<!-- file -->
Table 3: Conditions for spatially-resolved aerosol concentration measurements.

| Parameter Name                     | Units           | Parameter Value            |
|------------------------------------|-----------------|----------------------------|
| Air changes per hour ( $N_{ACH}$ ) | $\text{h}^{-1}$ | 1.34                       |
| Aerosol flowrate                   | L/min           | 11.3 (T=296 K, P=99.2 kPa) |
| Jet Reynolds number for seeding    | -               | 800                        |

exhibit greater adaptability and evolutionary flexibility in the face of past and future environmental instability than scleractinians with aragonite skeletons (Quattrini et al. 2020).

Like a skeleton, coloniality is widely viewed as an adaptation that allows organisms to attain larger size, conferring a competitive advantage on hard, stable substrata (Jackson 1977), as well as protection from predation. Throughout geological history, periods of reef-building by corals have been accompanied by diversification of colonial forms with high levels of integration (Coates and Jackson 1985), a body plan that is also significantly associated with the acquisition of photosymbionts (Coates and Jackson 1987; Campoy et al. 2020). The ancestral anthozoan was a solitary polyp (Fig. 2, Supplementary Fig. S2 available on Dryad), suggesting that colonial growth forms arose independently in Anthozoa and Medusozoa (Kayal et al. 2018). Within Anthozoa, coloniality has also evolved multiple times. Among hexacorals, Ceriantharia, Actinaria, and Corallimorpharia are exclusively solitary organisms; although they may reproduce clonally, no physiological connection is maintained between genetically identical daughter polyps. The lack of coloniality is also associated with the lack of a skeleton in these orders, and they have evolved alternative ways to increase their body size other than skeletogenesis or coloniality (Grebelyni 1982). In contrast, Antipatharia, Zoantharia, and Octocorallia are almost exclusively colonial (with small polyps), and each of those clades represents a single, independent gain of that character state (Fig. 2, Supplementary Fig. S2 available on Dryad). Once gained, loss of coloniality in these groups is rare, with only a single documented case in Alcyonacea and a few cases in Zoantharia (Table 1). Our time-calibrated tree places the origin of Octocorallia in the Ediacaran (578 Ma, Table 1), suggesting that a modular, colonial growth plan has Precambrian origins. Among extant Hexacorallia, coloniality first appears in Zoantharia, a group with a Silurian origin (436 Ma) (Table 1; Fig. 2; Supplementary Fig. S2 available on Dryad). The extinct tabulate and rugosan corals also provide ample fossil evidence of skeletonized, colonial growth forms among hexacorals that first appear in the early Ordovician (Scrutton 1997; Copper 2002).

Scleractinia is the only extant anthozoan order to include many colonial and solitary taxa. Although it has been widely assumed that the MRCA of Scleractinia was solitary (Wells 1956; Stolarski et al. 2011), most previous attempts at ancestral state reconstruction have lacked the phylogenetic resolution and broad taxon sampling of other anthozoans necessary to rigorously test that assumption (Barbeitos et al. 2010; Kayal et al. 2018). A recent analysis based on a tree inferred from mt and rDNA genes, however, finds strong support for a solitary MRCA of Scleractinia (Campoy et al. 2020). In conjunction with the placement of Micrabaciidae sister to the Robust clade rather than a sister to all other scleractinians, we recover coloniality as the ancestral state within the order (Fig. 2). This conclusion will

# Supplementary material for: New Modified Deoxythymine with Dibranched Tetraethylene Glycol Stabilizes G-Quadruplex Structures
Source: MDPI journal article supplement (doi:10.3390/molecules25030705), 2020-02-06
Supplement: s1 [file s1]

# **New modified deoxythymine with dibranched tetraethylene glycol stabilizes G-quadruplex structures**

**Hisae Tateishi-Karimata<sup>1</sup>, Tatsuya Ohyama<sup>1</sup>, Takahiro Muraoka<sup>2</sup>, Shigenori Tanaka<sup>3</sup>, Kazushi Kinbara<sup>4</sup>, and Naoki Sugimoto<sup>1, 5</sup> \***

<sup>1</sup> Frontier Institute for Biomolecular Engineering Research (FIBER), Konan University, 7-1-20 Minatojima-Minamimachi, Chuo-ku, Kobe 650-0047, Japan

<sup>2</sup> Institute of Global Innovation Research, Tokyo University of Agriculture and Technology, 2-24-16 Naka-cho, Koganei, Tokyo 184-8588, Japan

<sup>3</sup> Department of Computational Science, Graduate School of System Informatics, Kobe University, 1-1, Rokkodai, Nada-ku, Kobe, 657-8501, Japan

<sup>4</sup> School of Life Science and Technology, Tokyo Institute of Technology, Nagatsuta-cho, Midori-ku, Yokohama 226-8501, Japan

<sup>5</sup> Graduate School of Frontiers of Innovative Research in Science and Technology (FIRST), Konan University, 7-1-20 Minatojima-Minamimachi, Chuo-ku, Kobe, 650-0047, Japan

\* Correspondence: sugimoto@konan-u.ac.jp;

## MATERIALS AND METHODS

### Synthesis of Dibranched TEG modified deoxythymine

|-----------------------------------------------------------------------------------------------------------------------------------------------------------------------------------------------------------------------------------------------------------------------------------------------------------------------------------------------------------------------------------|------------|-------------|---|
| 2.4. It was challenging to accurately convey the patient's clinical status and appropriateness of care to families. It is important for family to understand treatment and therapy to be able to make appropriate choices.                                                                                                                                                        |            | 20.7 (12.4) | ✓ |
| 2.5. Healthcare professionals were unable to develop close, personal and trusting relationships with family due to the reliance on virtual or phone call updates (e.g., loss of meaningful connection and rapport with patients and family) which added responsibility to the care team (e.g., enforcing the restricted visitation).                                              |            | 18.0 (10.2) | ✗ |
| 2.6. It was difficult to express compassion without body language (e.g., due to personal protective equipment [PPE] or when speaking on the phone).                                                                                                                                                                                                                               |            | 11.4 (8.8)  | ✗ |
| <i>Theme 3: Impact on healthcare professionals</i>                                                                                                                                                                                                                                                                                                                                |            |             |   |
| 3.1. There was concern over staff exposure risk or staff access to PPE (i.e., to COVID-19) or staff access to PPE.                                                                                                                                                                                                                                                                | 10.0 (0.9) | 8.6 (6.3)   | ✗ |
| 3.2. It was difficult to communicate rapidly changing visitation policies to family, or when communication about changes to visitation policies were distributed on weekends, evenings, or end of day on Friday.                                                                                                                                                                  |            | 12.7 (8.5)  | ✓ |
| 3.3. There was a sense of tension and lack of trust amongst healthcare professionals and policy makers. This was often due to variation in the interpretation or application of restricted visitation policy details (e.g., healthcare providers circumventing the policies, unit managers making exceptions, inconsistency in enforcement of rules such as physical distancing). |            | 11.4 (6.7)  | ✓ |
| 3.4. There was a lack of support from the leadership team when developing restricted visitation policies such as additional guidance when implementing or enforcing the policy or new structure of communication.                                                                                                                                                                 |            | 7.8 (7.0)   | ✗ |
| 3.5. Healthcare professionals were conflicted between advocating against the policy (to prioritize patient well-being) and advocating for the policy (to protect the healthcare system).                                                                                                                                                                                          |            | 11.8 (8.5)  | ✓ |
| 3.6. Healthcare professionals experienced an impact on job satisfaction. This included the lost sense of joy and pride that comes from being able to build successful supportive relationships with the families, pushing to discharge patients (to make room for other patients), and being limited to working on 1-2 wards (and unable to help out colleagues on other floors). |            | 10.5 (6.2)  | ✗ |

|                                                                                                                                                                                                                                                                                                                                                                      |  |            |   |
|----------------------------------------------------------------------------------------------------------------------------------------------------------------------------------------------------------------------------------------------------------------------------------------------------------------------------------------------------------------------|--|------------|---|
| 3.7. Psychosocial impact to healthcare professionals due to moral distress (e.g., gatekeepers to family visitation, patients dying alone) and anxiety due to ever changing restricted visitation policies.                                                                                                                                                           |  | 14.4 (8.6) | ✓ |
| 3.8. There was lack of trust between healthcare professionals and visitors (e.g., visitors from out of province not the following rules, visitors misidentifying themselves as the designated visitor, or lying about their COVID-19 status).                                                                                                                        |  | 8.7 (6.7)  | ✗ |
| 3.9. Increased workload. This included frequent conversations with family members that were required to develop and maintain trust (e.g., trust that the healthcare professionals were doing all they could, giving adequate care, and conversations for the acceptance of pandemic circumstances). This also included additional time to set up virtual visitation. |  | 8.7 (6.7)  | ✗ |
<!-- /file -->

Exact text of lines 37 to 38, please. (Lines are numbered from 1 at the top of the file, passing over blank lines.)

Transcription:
| 3.8. There was lack of trust between healthcare professionals and visitors (e.g., visitors from out of province not the following rules, visitors misidentifying themselves as the designated visitor, or lying about their COVID-19 status).                                                                                                                        |  | 8.7 (6.7)  | ✗ |
| 3.9. Increased workload. This included frequent conversations with family members that were required to develop and maintain trust (e.g., trust that the healthcare professionals were doing all they could, giving adequate care, and conversations for the acceptance of pandemic circumstances). This also included additional time to set up virtual visitation. |  | 8.7 (6.7)  | ✗ |